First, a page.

CANCELED: National Research Summit on Care, Services, and Supports for Persons with Dementia and Their Caregivers

Message from Dr. Richard Hodes, Director of National Institute on Aging

Dear All,

I deeply regret to inform you that NIA has canceled the 2020 National Research Summit on Care, Services, and Supports for Persons with Dementia and Their Caregivers.

Throughout this rapidly evolving public health situation involving COVID-19, NIH is committed to ensuring the safety and health of our staff and community, including encouraging staff to telework to the fullest extent possible. We also understand that new and/or changing commitments, both at work and at home, may prohibit many presenters and attendees from joining us in a live two-day virtual event next week. We want to be respectful of the needs of individuals living with dementia who were planning to participate, and we recognize that a virtual summit could present unique challenges for this group. For these reasons, NIA will not proceed with hosting the event in-person or virtually on March 24-25, 2020.

Though we are disappointed, we are working diligently to identify alternate ways to engage participants in discussions about the state of care, services and supports research, in a manner that respects the needs of all members of our community. We will share next steps on the summit website at a later date. All registered participants will also receive updates via email when available.

We extend a special thanks to the Summit Steering Committee, led by Jennifer Wolff (Johns Hopkins University), David Reuben (University of California, Los Angeles), Elena Fazio, Courtney Wallin, and Chandra Keller (NIA), and many stakeholder groups for the countless hours and commitment they dedicated to the planning of this summit. Their work provided us with a substantial foundation to plan next steps for addressing the gaps and opportunities for research to benefit those living with dementia and their caregivers.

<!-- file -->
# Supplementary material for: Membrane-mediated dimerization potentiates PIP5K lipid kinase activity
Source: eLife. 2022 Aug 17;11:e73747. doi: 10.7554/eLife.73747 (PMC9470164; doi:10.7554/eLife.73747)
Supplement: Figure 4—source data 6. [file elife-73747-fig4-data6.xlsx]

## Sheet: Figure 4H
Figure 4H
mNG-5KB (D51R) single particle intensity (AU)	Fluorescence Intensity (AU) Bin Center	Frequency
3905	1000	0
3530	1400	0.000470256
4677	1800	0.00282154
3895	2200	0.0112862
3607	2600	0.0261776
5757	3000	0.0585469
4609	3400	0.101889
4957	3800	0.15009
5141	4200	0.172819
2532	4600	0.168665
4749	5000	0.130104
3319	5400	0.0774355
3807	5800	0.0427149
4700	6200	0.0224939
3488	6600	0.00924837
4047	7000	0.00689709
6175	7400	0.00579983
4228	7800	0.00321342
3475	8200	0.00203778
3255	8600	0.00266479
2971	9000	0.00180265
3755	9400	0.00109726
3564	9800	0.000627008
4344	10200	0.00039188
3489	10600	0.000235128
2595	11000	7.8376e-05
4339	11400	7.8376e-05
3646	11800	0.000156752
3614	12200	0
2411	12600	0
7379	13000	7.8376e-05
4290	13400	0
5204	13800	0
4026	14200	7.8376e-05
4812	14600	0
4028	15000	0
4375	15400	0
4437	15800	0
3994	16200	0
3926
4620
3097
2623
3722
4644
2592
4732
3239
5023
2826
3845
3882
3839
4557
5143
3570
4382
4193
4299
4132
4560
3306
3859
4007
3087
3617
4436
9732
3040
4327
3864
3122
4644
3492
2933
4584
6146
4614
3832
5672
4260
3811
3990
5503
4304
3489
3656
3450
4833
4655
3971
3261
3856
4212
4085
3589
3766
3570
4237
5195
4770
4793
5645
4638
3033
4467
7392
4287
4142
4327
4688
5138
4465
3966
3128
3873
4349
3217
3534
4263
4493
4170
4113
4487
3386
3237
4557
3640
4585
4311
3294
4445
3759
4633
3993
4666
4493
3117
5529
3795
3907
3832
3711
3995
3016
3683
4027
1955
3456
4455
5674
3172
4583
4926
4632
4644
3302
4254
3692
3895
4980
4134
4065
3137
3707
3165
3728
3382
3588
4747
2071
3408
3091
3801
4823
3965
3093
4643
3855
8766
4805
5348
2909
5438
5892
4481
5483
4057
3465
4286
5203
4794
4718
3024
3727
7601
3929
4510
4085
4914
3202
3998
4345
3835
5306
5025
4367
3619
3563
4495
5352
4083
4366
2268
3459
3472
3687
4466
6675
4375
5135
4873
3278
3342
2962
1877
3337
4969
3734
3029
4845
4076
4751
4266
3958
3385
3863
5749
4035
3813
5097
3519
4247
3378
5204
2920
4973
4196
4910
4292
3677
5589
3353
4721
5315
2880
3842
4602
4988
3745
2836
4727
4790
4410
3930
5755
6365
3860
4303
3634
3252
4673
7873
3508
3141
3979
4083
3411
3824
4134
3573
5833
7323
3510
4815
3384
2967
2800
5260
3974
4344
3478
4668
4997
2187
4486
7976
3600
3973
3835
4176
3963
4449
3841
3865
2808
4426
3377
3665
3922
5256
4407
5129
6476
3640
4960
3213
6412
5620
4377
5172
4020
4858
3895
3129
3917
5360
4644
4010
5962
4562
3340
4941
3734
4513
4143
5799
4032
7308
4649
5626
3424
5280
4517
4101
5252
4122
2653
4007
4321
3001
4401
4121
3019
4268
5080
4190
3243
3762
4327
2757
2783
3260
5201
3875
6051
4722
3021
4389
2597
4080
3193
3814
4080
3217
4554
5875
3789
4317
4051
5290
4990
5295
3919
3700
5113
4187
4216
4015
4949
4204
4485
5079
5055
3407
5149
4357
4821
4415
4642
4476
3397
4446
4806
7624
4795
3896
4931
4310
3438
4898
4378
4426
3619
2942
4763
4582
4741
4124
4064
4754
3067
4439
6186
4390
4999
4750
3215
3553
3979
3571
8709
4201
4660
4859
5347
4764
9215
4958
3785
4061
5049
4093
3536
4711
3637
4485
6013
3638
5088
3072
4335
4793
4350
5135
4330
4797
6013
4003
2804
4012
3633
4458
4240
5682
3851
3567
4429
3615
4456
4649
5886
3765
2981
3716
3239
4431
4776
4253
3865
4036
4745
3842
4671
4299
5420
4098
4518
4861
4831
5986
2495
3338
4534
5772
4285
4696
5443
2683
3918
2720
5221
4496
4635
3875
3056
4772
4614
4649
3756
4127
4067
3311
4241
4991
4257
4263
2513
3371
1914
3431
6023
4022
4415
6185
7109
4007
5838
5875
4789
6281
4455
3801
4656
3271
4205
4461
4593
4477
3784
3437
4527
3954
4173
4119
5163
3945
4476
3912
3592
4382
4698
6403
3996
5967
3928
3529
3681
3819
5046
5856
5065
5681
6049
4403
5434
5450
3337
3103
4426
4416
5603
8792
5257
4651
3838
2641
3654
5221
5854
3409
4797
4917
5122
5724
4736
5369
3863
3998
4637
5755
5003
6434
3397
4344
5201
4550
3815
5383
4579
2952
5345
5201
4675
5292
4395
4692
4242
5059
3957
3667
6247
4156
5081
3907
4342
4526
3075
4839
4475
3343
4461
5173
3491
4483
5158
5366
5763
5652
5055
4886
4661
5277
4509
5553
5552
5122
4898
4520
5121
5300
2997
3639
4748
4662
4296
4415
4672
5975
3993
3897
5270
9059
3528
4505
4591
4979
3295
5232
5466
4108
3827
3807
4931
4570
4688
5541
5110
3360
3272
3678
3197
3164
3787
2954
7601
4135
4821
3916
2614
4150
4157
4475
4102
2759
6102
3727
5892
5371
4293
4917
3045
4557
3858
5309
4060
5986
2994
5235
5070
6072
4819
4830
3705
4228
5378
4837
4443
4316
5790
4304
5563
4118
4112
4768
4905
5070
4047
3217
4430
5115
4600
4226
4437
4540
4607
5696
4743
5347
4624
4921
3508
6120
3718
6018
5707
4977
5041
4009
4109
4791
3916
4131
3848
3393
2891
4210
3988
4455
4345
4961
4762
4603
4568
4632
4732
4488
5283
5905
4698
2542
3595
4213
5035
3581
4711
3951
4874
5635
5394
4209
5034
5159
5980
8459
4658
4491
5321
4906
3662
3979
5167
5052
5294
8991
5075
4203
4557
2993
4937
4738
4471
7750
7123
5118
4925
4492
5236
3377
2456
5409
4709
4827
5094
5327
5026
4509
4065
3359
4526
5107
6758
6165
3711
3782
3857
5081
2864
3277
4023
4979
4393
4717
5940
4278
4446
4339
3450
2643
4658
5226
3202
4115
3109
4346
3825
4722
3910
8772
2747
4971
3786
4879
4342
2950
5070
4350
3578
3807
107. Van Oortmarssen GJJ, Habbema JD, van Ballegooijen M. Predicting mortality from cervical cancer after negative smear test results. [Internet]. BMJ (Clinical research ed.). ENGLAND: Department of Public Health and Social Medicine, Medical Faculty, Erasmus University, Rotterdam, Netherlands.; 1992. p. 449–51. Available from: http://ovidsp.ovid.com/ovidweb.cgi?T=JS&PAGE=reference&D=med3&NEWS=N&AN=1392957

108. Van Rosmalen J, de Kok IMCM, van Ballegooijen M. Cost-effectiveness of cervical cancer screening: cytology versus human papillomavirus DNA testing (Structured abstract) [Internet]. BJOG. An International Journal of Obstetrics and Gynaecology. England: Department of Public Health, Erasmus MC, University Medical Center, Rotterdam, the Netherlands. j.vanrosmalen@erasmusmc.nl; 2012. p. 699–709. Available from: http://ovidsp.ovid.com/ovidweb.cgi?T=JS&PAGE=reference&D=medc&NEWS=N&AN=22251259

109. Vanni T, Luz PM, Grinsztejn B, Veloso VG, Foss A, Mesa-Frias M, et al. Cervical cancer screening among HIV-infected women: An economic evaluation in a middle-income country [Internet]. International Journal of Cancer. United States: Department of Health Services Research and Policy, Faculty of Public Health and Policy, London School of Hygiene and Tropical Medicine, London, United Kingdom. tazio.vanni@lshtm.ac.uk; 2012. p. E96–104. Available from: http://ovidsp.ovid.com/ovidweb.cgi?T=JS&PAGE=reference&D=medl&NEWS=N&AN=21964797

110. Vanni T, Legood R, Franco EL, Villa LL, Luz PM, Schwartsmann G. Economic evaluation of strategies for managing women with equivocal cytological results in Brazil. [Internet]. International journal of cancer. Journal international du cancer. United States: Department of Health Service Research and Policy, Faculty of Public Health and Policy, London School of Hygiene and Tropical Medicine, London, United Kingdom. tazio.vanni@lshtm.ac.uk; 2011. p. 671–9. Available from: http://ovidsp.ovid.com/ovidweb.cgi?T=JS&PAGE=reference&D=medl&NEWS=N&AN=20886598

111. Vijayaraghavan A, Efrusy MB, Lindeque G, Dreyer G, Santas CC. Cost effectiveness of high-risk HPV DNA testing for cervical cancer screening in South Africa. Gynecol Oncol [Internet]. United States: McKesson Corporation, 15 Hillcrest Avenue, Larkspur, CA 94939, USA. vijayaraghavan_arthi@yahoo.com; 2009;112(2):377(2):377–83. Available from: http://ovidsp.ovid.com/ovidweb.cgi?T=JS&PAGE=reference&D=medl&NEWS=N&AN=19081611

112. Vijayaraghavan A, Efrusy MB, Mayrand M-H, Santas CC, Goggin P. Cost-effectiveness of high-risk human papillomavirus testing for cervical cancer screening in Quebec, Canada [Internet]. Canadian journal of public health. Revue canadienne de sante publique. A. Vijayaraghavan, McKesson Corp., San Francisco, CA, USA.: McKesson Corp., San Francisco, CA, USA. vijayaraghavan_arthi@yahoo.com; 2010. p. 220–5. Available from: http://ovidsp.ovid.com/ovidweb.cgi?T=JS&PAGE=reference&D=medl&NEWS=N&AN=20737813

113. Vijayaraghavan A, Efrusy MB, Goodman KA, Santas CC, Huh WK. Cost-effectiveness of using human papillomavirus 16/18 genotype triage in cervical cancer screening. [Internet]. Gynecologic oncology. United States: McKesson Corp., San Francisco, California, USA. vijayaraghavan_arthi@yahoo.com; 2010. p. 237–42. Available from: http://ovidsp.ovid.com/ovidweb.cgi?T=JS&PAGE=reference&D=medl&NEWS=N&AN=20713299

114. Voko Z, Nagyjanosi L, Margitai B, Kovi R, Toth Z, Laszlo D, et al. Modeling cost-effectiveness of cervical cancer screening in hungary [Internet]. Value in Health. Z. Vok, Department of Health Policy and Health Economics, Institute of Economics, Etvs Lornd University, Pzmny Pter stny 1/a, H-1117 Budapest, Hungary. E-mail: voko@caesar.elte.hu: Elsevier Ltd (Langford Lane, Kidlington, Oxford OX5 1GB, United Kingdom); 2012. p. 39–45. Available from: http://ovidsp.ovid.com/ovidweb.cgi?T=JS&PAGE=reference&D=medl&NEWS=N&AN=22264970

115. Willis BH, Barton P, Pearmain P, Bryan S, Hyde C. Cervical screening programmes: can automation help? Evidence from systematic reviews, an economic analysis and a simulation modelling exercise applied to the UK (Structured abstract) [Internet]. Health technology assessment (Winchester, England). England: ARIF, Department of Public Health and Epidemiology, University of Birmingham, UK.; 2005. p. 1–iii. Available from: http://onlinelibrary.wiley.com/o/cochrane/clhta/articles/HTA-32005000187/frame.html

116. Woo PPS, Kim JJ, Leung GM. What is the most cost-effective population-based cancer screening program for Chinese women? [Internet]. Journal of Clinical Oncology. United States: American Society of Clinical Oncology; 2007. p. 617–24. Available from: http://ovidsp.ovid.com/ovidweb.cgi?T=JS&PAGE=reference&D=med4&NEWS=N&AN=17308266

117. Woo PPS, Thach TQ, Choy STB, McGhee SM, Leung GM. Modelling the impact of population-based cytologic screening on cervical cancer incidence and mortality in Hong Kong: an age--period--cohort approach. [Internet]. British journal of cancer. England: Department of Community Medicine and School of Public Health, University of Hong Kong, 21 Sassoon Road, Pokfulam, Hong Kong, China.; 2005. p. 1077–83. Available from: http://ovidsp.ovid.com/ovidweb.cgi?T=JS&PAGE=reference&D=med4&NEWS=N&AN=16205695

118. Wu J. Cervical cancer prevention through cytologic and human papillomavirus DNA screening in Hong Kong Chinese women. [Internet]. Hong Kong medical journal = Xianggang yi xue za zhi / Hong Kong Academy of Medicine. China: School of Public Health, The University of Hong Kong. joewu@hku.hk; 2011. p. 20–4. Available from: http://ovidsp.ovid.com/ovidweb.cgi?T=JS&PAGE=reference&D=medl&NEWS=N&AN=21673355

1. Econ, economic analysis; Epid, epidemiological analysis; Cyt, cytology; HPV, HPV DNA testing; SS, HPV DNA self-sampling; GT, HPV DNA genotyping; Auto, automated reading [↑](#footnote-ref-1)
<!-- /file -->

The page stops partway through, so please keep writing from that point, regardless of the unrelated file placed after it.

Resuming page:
Thank you for your patience and understanding.

Richard J. Hodes, M.D.
National Institute on Aging
National Institutes of Health

NOT-OD-20-086: Flexibilities Available to Applicants and Recipients of Federal Financial Assistance Affected by COVID-19

Flexibilities Available to Applicants and Recipients of Federal Financial Assistance Affected by COVID-19

NIH has identified short-term administrative flexibilities to assist applicants with managing administrative, financial management and audit requirements under the Uniform Guidance “Uniform Administrative Requirements, Cost Principles, and Audit Requirements for Federal Awards” – which are implemented in HHS regulation at 45 CFR Part 75 – without compromising their accountability requirements.

These flexibilities are applicable to NIH applicants and recipients where the entity is conducting research activities related to or affected by COVID-19. Affected entities are those that have been closed, or business activities have been hindered due to COVID-19 precautionary measures and/or illnesses. Entities that are affected will be asked to provide documentation to NIH describing the effects, and how long their facility and NIH related research, clinical practices, or instruction was and/or will be affected.

Recipients should contact their assigned grants management specialist and program official to provide documentation demonstrating the effect of COVID-19. The funding institute or center will work with the recipient to address the impact on the NIH grant.